HABITAT USE BY NATIVE AND STOCKED TROUT (SALMO TRUTTA L.) IN TWO NORTHEAST STREAMS, PORTUGAL
Habitat use by stocked and native brown trout (Salmo trutta L.) was assessed in two headwater streams of North-eastern Portugal. Underwater observations were made during the summer season in three successive years to evaluate the effect of supplemental trout stocking. Multivariate analysis techniques applied to data sets on microhabitat use were exploited to identify the focal elevation (distance of fish from the bottom), total depth and cover as the variables that contribute most to the discrimination between stocked and native trout. Preference curves computed for native and stocked trout of the same age (1+), showed a distinct pattern in their ability to explore the available microhabitat resources. Stocked trout tended to occupy deeper pools (total depth > 100 cm vs. 60-100 cm for native trout), holding higher focal elevations (140-160 cm vs. < 20 cm for native) with lower water column velocities (< 10 cm.s-1 vs. 10-20 cm.s-1 for native) and no specific preference for cover. In contrast, native trout displayed a clear preference for microhabitats with coarse substrate (particle size > 22.5 cm) and cover (combination of boulders and overhanging vegetation or undercut banks). Furthermore, a high poststocking movement of 80% hatchery-reared fish was verified just one month after their release, suggesting that stocking did not contribute to the sustainable populations in either stream, and is far from being an adequate management technique.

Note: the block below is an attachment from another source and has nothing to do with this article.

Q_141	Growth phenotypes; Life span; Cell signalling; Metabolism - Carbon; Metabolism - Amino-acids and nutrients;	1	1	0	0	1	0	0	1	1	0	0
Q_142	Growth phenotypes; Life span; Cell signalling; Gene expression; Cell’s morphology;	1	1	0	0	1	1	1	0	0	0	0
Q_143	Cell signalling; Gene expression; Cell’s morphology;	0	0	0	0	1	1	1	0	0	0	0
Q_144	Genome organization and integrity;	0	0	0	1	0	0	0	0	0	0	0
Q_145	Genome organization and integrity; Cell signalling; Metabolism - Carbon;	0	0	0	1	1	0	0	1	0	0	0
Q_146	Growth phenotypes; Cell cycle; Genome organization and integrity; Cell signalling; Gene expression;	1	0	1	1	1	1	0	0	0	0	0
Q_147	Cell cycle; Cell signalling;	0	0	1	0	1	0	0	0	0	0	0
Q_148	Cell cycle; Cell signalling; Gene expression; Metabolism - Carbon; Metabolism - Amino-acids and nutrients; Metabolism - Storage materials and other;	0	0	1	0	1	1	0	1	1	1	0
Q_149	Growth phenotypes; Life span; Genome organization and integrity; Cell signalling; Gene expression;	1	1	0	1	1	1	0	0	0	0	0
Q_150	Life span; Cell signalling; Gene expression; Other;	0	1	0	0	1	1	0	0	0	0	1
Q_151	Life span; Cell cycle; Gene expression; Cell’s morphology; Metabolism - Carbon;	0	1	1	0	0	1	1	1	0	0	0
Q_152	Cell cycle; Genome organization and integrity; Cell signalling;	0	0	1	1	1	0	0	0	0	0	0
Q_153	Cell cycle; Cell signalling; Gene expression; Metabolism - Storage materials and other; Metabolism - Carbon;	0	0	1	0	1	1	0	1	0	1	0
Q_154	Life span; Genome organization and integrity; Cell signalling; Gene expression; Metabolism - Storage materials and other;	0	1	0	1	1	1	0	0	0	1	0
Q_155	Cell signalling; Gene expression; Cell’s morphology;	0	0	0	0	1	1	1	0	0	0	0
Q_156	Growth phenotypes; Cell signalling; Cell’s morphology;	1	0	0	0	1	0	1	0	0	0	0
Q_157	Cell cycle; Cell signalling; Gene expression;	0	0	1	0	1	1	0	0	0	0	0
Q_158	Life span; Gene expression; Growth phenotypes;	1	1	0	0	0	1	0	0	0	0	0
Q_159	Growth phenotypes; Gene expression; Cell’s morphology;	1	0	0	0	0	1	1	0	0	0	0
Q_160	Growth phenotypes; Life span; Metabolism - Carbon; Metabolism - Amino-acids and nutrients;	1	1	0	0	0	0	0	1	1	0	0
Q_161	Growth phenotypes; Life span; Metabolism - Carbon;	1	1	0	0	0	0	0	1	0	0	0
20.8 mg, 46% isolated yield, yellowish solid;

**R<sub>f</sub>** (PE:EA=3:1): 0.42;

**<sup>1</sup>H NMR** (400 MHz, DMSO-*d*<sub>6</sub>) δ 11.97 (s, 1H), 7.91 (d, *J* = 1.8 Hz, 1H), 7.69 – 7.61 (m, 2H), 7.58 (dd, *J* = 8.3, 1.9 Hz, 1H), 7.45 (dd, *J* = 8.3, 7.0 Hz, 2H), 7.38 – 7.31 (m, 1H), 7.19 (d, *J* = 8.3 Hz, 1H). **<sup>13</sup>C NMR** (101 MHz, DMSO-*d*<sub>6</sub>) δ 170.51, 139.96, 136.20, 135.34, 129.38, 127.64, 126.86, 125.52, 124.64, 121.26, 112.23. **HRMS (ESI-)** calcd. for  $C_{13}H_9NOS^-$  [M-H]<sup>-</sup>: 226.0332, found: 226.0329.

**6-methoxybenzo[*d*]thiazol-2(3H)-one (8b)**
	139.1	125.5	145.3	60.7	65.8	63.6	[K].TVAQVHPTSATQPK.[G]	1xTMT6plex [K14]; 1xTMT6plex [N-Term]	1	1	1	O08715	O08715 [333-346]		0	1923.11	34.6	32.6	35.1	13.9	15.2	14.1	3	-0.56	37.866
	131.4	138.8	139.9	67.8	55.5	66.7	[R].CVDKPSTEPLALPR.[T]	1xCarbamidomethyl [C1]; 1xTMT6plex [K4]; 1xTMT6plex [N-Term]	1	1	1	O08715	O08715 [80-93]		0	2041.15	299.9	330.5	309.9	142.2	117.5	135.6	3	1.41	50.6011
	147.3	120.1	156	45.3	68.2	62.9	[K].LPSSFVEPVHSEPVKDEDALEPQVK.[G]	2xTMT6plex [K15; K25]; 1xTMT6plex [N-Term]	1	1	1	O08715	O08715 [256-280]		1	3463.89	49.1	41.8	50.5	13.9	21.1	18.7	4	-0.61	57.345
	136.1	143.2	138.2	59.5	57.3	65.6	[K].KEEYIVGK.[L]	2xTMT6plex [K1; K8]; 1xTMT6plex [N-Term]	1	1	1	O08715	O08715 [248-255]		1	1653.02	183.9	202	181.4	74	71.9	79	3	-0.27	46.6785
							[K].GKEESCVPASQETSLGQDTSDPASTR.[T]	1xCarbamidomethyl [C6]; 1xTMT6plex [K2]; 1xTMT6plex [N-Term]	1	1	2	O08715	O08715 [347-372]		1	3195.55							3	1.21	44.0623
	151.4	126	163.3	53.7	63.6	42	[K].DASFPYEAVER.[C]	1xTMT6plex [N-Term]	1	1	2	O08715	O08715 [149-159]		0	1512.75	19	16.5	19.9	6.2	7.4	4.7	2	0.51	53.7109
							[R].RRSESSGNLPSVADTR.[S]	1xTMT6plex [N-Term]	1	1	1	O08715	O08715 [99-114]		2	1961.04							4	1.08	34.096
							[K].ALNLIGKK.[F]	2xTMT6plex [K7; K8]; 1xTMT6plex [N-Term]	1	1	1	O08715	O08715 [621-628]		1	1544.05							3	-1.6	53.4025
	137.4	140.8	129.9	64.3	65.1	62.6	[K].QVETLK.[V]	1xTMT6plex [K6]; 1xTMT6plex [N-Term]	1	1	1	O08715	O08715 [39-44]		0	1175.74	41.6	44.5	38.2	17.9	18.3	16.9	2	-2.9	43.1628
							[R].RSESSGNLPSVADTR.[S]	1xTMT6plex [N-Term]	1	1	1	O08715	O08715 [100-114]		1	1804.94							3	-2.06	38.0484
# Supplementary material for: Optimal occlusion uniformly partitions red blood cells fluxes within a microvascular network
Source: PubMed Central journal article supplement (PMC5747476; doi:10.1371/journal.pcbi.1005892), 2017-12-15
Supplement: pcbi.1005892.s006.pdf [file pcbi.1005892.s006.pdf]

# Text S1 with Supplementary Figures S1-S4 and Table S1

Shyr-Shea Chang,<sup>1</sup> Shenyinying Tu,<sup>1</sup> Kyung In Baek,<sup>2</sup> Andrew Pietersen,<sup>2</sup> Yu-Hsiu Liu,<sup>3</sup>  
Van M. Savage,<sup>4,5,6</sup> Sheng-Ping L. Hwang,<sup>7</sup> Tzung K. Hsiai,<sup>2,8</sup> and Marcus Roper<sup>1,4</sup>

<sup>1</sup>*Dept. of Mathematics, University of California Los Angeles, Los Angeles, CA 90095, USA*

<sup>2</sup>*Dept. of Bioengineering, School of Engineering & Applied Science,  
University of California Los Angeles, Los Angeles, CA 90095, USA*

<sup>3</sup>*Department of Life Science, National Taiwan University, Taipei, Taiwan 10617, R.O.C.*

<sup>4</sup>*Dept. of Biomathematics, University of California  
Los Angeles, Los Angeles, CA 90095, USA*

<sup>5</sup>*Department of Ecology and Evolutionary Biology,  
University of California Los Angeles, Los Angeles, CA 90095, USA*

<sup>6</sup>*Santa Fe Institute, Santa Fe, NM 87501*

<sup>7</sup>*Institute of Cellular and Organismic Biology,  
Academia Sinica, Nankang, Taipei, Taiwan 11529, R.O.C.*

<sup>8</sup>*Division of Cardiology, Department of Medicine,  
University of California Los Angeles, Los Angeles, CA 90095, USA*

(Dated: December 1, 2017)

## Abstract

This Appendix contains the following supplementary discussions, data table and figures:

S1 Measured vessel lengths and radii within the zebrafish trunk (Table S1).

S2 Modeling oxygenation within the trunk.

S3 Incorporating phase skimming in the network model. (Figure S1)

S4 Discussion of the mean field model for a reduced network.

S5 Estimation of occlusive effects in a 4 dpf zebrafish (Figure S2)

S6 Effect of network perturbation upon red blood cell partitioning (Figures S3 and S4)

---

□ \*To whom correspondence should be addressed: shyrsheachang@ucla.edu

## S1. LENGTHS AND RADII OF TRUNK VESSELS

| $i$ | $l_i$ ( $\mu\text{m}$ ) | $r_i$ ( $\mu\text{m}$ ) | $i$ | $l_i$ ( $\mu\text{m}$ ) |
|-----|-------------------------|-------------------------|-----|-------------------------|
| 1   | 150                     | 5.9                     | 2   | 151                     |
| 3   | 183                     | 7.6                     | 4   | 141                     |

Auteurs du document :
A. TEIXEIRA, R. M.V. CORTES, D. OLIVEIRA
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Mots clés :
Salmo trutta, snorkelling, restocking, microhabitat, preference curves, Salmo trutta, observations en plongée, repeuplement, microhabitat, courbes de préférence